Author Suzie Ivy has a natural writing gift.
Not everyone—okay, almost no one—would have seen this as an opportunity for a  44-year-old woman who was 40 pounds overweight and had a broken hip, but it rapidly becomes clear that Suzie is not “everyone.”  

Through her blog posts, she takes her readers along with her to the Police Academy, and when she miraculously (her word) survives to graduate, we then get to ride along for the start of her career as a “midlife police officer” in Small Town.  And what a ride it is.

I ran across her “Bad Luck Detective” blog when researching police-related blogs for my novel.  I ordered the book to gain some badly-needed insights.  Started reading for research, and by page two I was hooked as a reader, too.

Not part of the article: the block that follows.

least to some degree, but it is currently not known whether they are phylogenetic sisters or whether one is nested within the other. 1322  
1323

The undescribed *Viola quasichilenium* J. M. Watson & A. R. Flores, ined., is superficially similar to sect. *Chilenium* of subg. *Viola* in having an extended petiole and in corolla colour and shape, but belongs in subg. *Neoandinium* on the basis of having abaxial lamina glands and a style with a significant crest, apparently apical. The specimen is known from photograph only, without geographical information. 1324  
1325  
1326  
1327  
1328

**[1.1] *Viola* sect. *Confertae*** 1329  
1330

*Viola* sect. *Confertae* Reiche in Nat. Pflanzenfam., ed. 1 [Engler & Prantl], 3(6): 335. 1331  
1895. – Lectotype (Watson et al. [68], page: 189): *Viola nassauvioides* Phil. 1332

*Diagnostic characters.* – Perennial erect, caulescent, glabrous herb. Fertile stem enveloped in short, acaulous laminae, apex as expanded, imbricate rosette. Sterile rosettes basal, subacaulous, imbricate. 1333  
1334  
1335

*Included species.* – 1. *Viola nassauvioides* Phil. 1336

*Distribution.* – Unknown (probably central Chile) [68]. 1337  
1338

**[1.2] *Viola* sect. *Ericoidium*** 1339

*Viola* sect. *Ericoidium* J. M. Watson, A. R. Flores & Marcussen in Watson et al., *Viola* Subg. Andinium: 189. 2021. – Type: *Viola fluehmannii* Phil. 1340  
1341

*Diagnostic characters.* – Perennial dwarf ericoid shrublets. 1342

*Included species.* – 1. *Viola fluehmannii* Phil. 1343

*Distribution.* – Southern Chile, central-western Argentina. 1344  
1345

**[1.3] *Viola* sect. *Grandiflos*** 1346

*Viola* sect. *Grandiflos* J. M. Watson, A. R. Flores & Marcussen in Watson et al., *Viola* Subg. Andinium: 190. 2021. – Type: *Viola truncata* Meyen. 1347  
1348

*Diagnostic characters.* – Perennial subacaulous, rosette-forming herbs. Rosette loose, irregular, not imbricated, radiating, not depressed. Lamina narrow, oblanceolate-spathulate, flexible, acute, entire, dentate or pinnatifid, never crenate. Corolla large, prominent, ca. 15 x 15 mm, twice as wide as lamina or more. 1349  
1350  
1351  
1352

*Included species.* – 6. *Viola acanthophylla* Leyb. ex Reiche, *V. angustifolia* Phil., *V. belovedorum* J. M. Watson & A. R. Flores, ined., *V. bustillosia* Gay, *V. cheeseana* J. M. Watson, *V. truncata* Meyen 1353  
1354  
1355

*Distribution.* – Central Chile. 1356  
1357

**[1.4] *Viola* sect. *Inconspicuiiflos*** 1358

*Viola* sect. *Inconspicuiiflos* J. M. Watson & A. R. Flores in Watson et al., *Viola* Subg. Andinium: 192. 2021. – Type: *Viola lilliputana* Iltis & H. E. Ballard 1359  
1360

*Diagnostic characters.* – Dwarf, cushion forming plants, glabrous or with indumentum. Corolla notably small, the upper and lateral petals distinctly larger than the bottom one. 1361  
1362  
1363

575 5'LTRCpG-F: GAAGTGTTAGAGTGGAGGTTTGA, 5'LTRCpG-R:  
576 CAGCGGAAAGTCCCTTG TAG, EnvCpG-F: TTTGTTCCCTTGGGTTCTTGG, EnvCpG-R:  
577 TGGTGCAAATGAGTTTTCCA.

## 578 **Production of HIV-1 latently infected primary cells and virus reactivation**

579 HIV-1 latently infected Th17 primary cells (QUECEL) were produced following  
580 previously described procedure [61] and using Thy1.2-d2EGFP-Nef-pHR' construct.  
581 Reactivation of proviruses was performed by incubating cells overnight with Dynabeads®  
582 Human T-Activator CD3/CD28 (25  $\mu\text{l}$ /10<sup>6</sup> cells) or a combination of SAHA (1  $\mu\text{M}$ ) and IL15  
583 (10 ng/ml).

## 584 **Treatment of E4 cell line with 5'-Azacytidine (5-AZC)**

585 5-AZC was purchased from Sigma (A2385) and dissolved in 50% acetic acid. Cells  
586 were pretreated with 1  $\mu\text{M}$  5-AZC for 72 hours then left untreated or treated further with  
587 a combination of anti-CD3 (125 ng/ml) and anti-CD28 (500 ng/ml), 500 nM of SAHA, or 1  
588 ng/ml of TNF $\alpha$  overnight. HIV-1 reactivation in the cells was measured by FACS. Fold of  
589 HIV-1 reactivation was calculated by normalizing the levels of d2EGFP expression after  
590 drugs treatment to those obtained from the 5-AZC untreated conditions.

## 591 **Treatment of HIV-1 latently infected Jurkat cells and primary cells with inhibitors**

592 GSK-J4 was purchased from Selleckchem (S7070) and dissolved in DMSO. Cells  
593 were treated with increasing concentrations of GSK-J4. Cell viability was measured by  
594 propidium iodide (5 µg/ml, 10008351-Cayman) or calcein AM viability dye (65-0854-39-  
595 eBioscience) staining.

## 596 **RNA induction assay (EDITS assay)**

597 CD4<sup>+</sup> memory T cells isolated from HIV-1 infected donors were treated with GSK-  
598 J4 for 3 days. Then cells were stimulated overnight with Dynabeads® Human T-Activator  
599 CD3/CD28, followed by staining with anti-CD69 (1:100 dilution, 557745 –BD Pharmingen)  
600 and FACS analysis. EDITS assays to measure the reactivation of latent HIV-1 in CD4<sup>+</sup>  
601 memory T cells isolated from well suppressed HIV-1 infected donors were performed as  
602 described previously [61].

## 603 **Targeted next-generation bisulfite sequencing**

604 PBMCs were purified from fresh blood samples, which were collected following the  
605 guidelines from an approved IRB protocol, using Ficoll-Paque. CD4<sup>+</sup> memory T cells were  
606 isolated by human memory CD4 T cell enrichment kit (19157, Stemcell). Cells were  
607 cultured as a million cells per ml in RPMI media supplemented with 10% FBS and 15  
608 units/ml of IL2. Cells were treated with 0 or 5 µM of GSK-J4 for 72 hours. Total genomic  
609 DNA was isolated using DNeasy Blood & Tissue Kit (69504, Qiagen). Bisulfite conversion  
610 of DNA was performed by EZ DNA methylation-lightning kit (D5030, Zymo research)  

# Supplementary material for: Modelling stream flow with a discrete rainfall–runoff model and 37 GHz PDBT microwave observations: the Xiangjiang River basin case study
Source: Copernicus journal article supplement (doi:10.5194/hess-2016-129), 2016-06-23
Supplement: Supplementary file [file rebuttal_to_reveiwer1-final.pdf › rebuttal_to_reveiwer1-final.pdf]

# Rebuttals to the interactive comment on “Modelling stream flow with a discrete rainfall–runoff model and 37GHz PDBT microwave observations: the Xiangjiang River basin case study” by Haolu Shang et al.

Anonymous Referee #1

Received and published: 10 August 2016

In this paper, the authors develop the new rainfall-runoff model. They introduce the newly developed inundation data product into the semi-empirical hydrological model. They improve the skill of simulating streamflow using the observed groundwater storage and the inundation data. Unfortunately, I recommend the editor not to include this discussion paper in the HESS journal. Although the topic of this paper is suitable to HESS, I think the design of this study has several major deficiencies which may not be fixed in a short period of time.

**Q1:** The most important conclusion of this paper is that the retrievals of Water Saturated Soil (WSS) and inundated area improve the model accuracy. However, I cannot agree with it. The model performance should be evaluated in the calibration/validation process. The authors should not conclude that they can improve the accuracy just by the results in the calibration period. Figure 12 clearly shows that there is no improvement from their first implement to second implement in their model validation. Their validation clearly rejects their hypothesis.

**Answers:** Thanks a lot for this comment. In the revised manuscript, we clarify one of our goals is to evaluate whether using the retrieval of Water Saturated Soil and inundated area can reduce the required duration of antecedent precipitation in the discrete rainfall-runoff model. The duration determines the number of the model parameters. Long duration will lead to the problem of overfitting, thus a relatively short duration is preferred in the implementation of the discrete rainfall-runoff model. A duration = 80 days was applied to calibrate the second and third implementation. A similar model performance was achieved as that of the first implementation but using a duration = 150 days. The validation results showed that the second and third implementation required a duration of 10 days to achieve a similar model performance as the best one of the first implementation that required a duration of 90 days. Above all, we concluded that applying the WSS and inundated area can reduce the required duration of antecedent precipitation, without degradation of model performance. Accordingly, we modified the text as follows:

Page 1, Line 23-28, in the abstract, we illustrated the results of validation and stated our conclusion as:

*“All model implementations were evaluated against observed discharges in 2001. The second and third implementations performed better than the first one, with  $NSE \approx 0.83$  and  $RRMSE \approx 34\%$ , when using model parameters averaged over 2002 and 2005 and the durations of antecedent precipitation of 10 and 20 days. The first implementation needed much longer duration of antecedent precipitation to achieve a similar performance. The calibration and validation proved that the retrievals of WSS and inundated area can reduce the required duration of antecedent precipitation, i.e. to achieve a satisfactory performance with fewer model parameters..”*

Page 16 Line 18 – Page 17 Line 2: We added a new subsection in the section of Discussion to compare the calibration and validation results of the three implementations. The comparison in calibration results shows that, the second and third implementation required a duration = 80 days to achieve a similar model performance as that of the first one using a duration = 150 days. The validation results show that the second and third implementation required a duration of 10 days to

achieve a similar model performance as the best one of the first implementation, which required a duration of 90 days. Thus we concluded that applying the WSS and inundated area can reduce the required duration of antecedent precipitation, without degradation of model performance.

If you are interested in reading about police work—or, quite frankly, if you are interested in a great story about the triumph of the human spirit—buy and read this woman’s books.  The link I've attached is to her Amazon page, where both print and Kindle versions are available.

This is the first of several “Bad Luck” books she apparently means to write and publish through her Bad Luck Publishing company. I’m looking forward to reading them, just as soon as they are available.

Image Credits: Many thanks to the Criminal Justice School Info website's "Interview with Detective Suzie Ivy" article, for the book cover image! (The interview is worth reading, too).  Thanks also are due to the Independent Author Network for the photo of Suzie.